Everett: Well thank you very much. I think when you get some of those elements, your eye reads into other things where you're seeing water lilies or reflections of clouds on the surface of the water or whatever... You bring your own experience to it.
 
I think a painting really should be a conversation between the painting and the viewer. That's an important part of it.
 
August I and some of the paintings are also from the fire pond... Which, because of the huge change in water level at the Shuswap – if the fire trucks can't get to the water because of a rocky beach or a cliff or whatever – they dig manmade ponds where they fill up their trucks.
 
And then the pond fills up with water lilies and all sorts of water plants... It's just an amazing thing.
JANE EVERETT Tree Tops I, 2021 - charcoal on drafting film, 15.5 x 21 inches

Along with the oils of Onyx Creek, Everett has produced new charcoal works that present graphic depictions of the forest interior with ever-expanding artfulness. Everett’s attention to the woods of British Columbia was recently showcased in Nuit Blanche Saskatoon and continues in the artist's visual design for Ballet Kelowna’s upcoming production of Macbeth, premiering on May 6th and 7th of 2022 in Kelowna, BC.
 
Contact us for any further details, the artist's CV or for a catalogue of Everett's available oil paintings or charcoal drawings.
 
JANE EVERETT Pine with Red Buoy, 2021 - charcoal on drafting film, 18 x 24 inches

E.B. COX, R.C.A. (1914-2003)
The Garden of the Greek Gods

Toronto Star presented an article on the front page of their paper last week on Kathy Sutton and her efforts to free the late E.B. Cox's Garden of the Greek Gods at Exhibition Place.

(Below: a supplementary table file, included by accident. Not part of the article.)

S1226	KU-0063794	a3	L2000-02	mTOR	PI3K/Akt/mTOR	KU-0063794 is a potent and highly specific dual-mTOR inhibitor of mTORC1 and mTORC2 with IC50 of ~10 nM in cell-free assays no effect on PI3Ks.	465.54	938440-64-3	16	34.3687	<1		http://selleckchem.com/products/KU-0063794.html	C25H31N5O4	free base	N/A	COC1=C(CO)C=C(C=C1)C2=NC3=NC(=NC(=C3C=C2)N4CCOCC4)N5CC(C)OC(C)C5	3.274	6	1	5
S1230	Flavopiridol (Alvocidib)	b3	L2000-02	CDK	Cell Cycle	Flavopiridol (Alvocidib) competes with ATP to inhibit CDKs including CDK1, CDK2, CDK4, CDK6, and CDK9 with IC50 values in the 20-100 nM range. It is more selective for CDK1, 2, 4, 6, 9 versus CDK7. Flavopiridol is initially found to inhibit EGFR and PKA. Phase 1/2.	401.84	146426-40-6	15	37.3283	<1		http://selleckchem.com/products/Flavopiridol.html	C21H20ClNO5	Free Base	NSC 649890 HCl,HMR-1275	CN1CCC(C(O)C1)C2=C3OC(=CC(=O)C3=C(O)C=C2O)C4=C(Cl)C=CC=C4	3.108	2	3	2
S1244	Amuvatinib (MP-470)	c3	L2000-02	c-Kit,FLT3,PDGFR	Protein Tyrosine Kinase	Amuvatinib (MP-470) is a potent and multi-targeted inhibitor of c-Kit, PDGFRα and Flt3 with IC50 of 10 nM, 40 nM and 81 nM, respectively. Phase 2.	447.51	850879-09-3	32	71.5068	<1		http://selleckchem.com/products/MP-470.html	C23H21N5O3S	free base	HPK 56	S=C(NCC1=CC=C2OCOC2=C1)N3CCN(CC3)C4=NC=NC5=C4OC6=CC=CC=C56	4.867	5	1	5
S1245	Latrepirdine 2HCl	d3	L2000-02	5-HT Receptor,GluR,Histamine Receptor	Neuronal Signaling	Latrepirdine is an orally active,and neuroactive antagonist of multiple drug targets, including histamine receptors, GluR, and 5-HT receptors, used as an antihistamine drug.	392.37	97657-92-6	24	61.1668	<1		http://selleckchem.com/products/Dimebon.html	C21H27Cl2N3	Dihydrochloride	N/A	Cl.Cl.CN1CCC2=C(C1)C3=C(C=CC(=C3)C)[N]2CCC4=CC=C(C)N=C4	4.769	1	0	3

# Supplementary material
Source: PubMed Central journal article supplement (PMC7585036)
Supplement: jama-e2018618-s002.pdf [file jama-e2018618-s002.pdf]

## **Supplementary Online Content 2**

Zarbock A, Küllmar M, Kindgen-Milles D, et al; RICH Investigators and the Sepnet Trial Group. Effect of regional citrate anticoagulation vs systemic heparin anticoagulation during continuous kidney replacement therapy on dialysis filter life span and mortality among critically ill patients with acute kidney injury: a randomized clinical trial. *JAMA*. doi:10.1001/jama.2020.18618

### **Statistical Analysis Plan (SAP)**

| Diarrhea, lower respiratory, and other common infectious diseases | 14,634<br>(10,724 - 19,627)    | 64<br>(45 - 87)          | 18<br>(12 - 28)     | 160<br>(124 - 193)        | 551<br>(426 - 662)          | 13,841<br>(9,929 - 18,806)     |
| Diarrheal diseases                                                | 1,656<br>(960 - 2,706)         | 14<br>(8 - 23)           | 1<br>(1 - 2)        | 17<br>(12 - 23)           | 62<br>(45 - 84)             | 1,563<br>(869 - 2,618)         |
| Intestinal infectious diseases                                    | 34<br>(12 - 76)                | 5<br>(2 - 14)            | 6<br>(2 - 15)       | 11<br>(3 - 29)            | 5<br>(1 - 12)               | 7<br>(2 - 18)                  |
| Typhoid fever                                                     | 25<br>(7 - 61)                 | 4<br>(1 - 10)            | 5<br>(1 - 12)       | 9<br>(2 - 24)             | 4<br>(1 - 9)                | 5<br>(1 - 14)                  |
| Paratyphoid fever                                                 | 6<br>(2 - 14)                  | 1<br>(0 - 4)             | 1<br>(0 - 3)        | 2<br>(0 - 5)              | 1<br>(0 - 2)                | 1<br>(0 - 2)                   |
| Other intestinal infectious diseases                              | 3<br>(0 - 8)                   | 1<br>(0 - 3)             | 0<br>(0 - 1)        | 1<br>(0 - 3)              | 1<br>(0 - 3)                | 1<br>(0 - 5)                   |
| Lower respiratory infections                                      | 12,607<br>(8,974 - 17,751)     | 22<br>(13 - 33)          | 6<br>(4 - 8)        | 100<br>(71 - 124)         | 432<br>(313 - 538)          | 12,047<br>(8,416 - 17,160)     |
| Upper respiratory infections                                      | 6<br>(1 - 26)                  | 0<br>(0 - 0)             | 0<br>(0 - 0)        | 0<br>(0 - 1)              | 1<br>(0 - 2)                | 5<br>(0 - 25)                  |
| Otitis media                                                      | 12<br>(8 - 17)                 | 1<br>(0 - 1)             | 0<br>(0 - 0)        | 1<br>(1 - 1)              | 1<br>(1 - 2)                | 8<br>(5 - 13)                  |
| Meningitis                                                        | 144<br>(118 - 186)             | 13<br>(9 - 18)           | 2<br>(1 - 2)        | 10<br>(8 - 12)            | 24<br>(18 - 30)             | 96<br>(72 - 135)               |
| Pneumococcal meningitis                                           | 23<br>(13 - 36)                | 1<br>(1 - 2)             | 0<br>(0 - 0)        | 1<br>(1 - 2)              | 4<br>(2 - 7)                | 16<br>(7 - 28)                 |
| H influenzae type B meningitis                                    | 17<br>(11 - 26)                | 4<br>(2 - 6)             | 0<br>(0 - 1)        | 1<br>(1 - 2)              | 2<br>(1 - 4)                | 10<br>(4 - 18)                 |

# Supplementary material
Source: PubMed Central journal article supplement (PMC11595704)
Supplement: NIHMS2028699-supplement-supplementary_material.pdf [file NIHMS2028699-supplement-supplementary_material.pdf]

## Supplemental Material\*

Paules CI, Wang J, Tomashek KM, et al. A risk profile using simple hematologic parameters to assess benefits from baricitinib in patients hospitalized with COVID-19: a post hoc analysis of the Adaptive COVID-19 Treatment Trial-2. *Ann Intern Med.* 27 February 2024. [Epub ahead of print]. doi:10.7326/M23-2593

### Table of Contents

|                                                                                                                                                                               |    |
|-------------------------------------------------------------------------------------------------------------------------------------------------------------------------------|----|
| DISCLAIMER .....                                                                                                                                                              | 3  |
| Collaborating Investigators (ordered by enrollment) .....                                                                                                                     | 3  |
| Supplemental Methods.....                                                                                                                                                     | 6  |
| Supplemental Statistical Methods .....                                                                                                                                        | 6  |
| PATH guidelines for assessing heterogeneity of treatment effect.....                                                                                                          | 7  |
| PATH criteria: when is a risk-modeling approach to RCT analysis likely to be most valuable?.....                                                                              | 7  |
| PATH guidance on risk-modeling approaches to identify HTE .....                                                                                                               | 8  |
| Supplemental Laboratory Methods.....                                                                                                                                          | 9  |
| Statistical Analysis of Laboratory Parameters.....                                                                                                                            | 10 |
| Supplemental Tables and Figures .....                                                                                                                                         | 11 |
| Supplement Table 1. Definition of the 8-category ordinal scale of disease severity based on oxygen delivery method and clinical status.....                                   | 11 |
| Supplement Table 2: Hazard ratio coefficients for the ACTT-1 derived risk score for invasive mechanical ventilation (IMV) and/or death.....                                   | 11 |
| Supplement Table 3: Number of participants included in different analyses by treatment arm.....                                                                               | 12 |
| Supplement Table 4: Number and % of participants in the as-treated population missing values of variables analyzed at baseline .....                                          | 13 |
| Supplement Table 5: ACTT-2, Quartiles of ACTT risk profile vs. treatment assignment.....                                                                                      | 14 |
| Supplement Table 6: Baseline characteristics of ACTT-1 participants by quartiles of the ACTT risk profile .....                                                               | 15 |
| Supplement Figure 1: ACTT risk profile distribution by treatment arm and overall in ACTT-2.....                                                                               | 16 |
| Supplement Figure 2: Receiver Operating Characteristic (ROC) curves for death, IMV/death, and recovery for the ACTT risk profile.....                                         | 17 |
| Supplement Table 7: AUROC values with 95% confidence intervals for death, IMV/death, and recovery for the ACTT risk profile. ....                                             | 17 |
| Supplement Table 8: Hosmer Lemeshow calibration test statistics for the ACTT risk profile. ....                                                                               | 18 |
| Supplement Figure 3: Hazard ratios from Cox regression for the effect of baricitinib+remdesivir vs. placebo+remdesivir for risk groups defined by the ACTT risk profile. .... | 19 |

Since 2014, her father’s work has been locked away...privy only to club patrons and those who stole glimpses of the few smaller pieces externally visible through barred gates.

The article details how the artist's daughter engaged in a seven year battle to free the sculptures according to her father's intentions for the large-scale works to be accessible to the public. The narrative history of the limestone pieces is reinforced by Ingram Gallery's Jeff Duns and ultimately beams with anticipation for their future home in the Rose Garden of Exhibition Place in 2022. 

“…they’ll be exactly where Cox would want them to be, [Sutton] said, overlooking family picnics while children scale them.”

STEVEN VOLPE Birthday, 2021 - oil on canvas, 25 x 30 inches

Steven Volpe has delivered new oils to the gallery that are breathtaking on the walls. The dream-like scenes are filled with the artist's exquisite style and in-person viewers are often captivated by their eloquent brushwork.

Volpe was recently profiled by In The Hills magazine and art lovers will be excited to hear that the artist has an upcoming public solo exhibition at the Museum of Dufferin in the Spring of 2022.

Historical pieces are continually moving through the gallery as additions and acquisitions take place on a regular basis. We frequently connect art lovers and collectors with the artists that have their attention and our website’s historical pages offer a source of remarkable works from our illustrious past.

Please contact us for details on any artist and for catalogues of available works. We look forward to your next visit and sharing in the beautiful season ahead.

With all good wishes,

Tarah Aylward, Director   
Ingram Gallery
416-929-2220 
For the Love of Art | #AtTheGallery 

E. B. COX, R.C.A. (1914-2003) Twisting Male Torso - dolomite, 19 x 10 x 6.5 inches



BRIAN BURKE, R.C.A. (1952-2017) Cascando #5, 2014 - oil on canvas, 48 x 48 inches